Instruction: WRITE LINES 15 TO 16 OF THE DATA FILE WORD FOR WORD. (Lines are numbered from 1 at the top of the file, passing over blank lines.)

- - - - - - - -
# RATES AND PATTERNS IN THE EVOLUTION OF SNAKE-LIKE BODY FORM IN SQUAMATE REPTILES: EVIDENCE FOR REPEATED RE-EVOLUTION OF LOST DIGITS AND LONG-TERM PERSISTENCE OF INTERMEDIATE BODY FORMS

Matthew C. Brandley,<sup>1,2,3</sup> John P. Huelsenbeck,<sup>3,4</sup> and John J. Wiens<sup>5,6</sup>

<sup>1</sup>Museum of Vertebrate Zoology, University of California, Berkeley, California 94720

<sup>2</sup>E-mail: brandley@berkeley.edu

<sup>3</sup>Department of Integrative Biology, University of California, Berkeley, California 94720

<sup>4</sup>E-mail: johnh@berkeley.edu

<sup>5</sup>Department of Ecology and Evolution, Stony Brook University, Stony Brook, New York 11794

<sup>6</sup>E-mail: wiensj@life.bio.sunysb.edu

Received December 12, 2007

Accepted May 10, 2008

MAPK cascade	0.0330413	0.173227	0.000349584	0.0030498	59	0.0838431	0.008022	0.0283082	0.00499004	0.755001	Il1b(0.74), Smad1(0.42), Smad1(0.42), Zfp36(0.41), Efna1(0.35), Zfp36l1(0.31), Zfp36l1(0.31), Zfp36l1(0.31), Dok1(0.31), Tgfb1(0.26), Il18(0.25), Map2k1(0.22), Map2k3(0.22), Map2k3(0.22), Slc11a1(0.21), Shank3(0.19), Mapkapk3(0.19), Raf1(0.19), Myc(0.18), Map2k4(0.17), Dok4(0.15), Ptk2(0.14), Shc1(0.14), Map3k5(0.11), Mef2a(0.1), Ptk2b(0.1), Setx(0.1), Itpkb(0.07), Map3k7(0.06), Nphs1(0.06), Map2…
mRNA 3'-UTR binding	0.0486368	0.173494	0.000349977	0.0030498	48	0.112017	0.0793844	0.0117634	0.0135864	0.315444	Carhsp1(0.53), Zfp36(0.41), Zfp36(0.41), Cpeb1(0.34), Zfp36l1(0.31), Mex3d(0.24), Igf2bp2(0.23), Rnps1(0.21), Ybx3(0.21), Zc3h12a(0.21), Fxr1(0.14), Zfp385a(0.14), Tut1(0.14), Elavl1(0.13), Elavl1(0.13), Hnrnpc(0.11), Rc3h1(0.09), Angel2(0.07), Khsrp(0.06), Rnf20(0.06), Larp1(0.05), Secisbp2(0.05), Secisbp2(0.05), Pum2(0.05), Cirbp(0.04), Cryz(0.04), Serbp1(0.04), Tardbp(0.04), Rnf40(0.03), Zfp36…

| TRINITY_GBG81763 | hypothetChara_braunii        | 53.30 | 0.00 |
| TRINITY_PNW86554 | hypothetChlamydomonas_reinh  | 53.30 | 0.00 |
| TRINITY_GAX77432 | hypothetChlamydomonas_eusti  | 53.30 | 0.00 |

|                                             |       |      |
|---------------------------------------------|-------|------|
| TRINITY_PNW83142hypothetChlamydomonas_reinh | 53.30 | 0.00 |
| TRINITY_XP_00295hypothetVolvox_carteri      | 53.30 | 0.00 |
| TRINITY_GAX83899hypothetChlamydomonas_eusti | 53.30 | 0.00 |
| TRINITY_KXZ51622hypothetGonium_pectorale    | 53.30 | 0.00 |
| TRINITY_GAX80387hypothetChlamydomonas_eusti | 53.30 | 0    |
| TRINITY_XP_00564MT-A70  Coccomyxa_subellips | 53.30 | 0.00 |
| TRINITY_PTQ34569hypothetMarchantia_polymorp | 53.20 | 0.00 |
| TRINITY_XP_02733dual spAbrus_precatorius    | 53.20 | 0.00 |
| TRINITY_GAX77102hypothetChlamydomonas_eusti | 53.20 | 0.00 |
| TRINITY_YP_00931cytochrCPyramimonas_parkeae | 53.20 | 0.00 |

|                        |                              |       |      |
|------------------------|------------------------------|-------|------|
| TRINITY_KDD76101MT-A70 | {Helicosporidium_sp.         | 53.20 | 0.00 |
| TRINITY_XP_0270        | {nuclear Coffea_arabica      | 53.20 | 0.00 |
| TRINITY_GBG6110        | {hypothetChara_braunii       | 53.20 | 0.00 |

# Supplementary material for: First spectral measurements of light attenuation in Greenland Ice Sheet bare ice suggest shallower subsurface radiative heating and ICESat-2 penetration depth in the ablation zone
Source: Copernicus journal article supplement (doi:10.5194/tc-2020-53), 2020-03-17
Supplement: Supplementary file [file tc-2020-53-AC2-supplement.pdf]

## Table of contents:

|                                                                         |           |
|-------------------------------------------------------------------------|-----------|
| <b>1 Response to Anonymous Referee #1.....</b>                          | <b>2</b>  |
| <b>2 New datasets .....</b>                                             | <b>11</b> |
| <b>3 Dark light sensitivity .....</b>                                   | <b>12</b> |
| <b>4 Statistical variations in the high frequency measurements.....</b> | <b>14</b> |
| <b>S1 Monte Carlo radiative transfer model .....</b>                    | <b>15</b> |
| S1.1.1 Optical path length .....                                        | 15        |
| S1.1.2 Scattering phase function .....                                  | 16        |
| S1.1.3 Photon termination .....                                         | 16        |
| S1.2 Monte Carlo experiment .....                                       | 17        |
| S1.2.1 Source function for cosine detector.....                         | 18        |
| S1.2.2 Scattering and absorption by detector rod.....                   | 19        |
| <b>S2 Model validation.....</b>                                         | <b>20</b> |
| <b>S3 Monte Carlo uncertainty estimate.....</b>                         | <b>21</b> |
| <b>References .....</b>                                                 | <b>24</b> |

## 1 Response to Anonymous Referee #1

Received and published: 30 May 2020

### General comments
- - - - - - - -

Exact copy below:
| TRINITY_GAX77432 | hypothetChlamydomonas_eusti  | 53.30 | 0.00 |

|                                             |       |      |